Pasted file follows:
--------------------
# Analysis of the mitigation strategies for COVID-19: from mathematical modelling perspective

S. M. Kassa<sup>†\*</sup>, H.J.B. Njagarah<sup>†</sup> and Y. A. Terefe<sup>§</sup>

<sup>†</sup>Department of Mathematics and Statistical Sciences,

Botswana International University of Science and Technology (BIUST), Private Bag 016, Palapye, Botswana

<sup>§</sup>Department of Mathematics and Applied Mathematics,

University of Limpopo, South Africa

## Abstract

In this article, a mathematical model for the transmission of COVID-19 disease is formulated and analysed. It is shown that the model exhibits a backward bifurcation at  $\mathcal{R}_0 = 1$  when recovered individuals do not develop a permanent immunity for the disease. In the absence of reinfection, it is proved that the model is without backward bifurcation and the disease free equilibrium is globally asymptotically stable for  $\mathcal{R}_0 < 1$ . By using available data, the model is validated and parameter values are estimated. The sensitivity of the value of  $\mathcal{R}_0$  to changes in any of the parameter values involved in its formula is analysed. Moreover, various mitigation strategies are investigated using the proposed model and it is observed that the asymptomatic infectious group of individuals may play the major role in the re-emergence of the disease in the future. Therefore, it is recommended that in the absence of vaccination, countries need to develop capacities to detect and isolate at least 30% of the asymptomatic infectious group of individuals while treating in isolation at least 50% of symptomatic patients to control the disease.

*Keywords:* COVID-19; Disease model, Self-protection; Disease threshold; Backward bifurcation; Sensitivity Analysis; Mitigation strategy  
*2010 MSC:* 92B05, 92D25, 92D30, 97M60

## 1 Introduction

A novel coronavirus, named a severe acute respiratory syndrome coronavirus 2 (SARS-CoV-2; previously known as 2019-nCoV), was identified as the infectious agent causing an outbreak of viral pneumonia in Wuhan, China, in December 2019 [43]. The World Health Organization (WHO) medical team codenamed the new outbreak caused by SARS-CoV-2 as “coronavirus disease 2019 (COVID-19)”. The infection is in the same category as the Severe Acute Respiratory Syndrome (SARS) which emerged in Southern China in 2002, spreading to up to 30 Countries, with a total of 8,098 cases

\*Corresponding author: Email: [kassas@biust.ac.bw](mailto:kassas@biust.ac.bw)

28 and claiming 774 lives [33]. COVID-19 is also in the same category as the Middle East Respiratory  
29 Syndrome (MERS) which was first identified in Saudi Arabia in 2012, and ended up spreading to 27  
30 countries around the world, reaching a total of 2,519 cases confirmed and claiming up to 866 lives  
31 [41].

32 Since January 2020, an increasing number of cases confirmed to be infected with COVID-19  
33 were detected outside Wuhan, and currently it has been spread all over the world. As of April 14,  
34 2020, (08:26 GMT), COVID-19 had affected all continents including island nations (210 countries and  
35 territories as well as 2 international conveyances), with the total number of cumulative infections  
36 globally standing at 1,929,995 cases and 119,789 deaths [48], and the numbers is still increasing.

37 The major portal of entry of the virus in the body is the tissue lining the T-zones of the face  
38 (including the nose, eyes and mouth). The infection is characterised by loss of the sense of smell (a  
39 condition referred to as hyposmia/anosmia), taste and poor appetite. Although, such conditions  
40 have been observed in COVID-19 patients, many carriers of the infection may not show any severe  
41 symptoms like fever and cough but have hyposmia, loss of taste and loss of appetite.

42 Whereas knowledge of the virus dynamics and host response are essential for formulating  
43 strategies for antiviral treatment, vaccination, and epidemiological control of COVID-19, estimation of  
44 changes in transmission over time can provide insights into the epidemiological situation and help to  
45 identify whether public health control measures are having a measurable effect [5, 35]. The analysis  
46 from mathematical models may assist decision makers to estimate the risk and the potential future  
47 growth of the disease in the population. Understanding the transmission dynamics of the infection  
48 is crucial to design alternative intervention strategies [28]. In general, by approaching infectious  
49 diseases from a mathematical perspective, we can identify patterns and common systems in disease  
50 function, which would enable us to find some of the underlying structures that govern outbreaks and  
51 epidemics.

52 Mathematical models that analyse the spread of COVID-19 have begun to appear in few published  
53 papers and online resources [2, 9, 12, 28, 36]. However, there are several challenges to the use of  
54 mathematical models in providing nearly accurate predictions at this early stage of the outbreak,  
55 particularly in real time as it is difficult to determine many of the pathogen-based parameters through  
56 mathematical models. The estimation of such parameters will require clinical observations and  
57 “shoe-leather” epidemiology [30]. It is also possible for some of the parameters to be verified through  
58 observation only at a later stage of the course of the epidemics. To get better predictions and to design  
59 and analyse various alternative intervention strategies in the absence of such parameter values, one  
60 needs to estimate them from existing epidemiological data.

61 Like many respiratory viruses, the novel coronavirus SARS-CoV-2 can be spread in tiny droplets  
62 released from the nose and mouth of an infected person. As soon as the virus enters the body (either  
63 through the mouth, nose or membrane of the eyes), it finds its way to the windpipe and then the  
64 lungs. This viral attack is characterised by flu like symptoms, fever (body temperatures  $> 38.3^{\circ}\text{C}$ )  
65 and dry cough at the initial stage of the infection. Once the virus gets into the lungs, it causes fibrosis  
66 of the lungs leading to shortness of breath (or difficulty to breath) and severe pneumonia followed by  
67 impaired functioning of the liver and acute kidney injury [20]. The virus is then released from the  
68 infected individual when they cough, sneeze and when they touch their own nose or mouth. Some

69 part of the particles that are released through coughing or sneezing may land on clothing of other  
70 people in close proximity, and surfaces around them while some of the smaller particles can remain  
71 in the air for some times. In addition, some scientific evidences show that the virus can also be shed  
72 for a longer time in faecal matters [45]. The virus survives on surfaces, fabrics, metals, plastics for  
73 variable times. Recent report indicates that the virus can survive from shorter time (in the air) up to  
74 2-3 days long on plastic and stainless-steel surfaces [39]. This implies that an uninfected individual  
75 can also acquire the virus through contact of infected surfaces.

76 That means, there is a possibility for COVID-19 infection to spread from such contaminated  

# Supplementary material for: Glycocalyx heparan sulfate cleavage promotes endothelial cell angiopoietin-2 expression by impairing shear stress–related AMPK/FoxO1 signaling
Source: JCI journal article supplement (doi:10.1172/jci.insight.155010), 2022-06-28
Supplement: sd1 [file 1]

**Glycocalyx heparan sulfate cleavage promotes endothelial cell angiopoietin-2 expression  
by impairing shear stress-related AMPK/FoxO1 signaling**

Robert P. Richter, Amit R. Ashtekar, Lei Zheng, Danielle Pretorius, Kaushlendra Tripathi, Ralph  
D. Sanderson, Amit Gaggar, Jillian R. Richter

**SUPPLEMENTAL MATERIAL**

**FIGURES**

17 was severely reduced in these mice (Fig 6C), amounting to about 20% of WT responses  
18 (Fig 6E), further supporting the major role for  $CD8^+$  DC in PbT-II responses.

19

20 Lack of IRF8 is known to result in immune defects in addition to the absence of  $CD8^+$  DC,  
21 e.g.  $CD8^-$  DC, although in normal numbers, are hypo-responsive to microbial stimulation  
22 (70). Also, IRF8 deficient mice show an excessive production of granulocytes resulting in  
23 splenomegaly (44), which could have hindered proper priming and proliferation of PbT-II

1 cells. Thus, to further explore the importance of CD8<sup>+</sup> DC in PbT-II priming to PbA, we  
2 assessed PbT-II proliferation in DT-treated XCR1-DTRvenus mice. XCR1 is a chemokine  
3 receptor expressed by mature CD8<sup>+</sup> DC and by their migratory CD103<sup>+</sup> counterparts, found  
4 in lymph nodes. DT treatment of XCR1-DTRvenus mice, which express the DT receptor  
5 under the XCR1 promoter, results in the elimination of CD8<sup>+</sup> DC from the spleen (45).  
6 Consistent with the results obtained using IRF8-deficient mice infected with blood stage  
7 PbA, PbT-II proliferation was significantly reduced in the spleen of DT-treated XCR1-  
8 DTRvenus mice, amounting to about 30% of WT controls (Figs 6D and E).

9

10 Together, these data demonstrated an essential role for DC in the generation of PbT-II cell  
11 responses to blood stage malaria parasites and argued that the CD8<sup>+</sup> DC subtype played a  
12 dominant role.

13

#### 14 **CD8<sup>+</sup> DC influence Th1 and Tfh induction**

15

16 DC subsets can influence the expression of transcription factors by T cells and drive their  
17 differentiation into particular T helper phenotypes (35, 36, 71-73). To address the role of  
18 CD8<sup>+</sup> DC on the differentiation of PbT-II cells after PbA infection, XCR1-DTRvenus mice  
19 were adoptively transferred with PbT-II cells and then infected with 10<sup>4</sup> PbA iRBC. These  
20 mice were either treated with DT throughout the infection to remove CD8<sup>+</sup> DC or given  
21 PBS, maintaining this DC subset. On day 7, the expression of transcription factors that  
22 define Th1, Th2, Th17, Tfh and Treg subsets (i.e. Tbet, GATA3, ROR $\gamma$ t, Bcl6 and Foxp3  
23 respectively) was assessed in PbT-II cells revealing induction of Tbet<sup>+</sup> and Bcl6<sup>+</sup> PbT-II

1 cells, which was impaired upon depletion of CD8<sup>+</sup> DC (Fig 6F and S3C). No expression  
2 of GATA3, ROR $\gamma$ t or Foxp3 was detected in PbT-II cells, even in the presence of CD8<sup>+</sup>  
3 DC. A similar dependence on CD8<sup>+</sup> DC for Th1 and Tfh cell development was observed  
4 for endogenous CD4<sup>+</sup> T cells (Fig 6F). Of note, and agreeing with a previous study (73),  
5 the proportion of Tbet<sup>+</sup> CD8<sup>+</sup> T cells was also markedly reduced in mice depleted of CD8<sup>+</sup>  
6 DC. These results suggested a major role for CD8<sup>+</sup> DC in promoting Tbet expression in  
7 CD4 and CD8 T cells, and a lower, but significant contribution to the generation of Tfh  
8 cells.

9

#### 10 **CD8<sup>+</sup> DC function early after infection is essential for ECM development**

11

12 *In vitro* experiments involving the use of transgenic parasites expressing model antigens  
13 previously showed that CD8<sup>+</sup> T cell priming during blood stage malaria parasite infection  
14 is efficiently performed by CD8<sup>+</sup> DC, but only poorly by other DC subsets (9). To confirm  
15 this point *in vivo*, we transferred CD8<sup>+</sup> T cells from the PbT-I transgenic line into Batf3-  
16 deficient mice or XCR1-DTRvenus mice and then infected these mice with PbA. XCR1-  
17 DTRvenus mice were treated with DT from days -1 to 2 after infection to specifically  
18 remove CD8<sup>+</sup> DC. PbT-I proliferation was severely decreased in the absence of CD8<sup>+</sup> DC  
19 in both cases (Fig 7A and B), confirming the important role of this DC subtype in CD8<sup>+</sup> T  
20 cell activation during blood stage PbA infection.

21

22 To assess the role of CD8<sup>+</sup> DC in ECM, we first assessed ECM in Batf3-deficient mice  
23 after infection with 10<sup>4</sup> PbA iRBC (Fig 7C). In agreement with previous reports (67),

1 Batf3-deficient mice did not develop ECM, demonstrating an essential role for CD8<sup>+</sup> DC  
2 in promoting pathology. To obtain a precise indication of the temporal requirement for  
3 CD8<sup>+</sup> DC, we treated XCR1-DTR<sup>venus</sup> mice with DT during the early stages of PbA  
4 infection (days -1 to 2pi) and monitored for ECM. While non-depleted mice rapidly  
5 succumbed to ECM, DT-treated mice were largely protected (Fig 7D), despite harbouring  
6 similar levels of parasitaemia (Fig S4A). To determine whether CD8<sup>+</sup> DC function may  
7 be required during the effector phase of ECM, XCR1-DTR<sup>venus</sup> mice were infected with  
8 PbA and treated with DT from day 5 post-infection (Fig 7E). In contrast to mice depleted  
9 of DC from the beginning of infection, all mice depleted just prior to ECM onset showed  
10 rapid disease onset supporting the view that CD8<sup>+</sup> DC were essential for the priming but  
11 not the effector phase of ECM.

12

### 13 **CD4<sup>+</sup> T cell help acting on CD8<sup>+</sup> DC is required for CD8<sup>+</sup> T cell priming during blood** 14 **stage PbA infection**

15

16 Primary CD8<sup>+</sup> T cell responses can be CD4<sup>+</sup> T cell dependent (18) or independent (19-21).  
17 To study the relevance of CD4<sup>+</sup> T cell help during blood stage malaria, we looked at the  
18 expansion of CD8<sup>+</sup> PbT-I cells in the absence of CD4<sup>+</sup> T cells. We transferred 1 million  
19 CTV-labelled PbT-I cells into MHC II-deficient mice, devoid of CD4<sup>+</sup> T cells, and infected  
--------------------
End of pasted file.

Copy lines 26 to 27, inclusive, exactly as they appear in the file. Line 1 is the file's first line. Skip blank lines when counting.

40 have been observed in COVID-19 patients, many carriers of the infection may not show any severe  
41 symptoms like fever and cough but have hyposmia, loss of taste and loss of appetite.